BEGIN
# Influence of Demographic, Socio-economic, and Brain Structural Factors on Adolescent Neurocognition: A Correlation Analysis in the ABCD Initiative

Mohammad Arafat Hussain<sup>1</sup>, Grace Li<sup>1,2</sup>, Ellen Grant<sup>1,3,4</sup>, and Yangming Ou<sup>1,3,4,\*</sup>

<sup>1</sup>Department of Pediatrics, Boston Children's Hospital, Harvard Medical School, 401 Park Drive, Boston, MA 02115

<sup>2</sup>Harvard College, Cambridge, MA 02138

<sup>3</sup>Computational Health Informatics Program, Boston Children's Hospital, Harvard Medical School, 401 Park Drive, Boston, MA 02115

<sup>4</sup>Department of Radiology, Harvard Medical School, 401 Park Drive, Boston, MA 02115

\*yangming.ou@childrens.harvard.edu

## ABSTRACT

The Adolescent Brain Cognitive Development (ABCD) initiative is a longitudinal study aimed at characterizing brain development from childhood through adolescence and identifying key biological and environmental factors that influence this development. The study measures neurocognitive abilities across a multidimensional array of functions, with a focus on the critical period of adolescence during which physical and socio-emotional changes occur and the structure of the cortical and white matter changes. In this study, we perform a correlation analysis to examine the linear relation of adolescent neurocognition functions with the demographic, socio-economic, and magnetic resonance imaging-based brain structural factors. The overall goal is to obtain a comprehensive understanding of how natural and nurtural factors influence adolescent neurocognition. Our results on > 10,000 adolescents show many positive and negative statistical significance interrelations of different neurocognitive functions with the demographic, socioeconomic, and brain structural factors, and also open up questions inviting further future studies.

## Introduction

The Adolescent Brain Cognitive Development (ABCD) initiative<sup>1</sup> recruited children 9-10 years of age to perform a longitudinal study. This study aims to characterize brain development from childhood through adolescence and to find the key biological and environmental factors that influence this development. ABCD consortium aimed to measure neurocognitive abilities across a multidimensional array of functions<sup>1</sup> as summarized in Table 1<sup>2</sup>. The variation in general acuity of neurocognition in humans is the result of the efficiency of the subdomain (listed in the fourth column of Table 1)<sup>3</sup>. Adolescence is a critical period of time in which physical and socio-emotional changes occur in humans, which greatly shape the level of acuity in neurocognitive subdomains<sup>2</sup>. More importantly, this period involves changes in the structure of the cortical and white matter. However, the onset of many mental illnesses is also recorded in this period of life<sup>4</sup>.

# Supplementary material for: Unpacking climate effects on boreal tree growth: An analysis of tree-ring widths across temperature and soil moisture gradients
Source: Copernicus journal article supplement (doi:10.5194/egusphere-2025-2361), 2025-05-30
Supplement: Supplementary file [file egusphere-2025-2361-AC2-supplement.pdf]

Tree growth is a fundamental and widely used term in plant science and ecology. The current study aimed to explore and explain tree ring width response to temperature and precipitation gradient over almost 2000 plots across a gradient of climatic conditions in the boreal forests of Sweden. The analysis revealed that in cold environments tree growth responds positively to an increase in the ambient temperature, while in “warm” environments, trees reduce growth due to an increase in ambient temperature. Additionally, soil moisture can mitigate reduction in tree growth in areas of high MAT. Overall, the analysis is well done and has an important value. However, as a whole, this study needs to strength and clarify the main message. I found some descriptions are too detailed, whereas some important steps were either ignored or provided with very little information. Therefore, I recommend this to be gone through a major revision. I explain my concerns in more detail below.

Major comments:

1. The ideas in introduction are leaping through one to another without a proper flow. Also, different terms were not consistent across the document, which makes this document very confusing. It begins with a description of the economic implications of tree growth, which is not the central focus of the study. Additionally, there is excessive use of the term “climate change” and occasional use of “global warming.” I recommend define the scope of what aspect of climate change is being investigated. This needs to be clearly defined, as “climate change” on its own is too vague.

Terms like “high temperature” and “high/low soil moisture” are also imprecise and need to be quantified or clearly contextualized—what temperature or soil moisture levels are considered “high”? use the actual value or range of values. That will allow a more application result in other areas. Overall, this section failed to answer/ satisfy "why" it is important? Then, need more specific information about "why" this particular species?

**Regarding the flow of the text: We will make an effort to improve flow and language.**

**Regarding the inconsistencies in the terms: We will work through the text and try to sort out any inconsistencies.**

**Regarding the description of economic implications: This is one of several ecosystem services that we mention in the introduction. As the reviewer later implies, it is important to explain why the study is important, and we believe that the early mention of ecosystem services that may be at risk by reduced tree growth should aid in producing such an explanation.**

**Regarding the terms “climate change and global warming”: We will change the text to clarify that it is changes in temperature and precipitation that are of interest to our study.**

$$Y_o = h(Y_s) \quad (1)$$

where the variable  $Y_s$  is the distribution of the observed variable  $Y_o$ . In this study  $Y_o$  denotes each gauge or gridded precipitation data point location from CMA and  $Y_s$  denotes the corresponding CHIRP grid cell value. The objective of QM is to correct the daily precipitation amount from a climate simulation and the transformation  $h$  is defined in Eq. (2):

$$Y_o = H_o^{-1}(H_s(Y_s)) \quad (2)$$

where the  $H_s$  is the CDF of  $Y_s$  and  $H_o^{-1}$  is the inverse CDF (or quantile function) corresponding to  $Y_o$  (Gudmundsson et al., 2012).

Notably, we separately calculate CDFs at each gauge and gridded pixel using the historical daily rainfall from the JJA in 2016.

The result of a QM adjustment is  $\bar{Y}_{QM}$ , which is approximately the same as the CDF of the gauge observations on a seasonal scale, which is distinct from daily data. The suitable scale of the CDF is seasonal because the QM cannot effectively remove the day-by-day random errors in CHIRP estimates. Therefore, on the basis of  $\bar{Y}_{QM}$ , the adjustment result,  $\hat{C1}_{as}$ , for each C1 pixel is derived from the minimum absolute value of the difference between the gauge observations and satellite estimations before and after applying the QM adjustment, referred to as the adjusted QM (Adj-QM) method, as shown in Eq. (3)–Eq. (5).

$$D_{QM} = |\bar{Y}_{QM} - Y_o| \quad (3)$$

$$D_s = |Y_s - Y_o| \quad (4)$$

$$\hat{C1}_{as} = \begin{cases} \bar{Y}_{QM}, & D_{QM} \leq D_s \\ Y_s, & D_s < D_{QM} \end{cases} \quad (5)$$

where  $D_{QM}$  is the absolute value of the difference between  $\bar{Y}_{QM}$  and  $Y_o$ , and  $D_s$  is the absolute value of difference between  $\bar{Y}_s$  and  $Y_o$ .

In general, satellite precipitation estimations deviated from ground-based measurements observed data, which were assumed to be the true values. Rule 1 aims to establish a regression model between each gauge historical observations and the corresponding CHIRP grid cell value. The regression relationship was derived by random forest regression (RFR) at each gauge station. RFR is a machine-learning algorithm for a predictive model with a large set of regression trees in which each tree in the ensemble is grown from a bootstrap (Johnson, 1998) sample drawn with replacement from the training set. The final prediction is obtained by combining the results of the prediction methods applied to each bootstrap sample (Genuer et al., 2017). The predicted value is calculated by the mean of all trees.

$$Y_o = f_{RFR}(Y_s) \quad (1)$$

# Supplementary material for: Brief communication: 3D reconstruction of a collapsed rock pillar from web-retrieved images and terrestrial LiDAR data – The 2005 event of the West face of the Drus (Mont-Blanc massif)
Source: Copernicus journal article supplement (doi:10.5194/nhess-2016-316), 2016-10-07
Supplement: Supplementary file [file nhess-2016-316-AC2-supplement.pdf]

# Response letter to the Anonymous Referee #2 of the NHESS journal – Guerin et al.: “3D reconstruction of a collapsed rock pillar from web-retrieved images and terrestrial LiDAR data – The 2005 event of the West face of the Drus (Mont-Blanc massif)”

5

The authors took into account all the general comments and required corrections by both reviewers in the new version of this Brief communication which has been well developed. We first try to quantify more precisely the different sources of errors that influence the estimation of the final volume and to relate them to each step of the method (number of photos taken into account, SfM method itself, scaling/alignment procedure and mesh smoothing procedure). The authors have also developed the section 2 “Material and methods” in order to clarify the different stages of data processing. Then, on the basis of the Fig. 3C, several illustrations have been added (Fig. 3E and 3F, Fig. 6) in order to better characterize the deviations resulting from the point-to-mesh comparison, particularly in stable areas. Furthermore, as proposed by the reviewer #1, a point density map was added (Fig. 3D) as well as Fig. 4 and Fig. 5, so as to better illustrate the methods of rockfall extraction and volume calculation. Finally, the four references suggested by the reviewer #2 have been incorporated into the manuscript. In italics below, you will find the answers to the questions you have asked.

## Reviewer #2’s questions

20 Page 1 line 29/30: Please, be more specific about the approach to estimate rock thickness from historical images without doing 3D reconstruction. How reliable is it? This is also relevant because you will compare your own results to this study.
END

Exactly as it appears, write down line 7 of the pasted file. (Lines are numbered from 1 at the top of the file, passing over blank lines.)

\*yangming.ou@childrens.harvard.edu